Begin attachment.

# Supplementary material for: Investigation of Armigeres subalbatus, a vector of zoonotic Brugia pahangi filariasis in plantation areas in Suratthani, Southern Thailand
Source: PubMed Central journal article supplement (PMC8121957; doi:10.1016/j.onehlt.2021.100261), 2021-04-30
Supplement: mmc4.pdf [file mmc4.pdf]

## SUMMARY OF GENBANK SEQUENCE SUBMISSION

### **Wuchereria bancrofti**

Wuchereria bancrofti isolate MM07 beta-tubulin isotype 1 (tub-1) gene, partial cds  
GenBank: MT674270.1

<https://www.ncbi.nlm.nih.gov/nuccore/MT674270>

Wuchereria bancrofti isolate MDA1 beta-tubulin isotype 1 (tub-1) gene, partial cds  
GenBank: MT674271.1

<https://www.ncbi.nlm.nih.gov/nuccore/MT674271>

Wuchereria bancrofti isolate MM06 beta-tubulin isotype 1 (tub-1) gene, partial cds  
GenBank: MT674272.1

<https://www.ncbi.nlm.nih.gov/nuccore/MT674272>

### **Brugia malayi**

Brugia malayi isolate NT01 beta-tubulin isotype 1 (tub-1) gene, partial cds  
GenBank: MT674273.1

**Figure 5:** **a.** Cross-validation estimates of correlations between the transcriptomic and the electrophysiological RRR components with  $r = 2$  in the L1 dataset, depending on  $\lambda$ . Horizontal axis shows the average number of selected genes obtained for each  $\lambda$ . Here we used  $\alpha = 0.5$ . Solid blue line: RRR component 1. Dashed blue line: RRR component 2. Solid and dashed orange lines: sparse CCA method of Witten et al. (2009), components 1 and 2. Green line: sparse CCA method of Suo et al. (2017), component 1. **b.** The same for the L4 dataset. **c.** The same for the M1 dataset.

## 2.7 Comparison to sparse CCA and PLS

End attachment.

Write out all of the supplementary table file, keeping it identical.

# Supplementary material for: Investigation of Armigeres subalbatus, a vector of zoonotic Brugia pahangi filariasis in plantation areas in Suratthani, Southern Thailand
Source: PubMed Central journal article supplement (PMC8121957; doi:10.1016/j.onehlt.2021.100261), 2021-04-30
Supplement: mmc4.pdf [file mmc4.pdf]

## SUMMARY OF GENBANK SEQUENCE SUBMISSION

### **Wuchereria bancrofti**

Wuchereria bancrofti isolate MM07 beta-tubulin isotype 1 (tub-1) gene, partial cds  
GenBank: MT674270.1

<https://www.ncbi.nlm.nih.gov/nuccore/MT674270>

Wuchereria bancrofti isolate MDA1 beta-tubulin isotype 1 (tub-1) gene, partial cds  
GenBank: MT674271.1

<https://www.ncbi.nlm.nih.gov/nuccore/MT674271>

Wuchereria bancrofti isolate MM06 beta-tubulin isotype 1 (tub-1) gene, partial cds  
GenBank: MT674272.1

<https://www.ncbi.nlm.nih.gov/nuccore/MT674272>

### **Brugia malayi**

Brugia malayi isolate NT01 beta-tubulin isotype 1 (tub-1) gene, partial cds  
GenBank: MT674273.1

**Figure 5:** **a.** Cross-validation estimates of correlations between the transcriptomic and the electrophysiological RRR components with  $r = 2$  in the L1 dataset, depending on  $\lambda$ . Horizontal axis shows the average number of selected genes obtained for each  $\lambda$ . Here we used  $\alpha = 0.5$ . Solid blue line: RRR component 1. Dashed blue line: RRR component 2. Solid and dashed orange lines: sparse CCA method of Witten et al. (2009), components 1 and 2. Green line: sparse CCA method of Suo et al. (2017), component 1. **b.** The same for the L4 dataset. **c.** The same for the M1 dataset.

## 2.7 Comparison to sparse CCA and PLS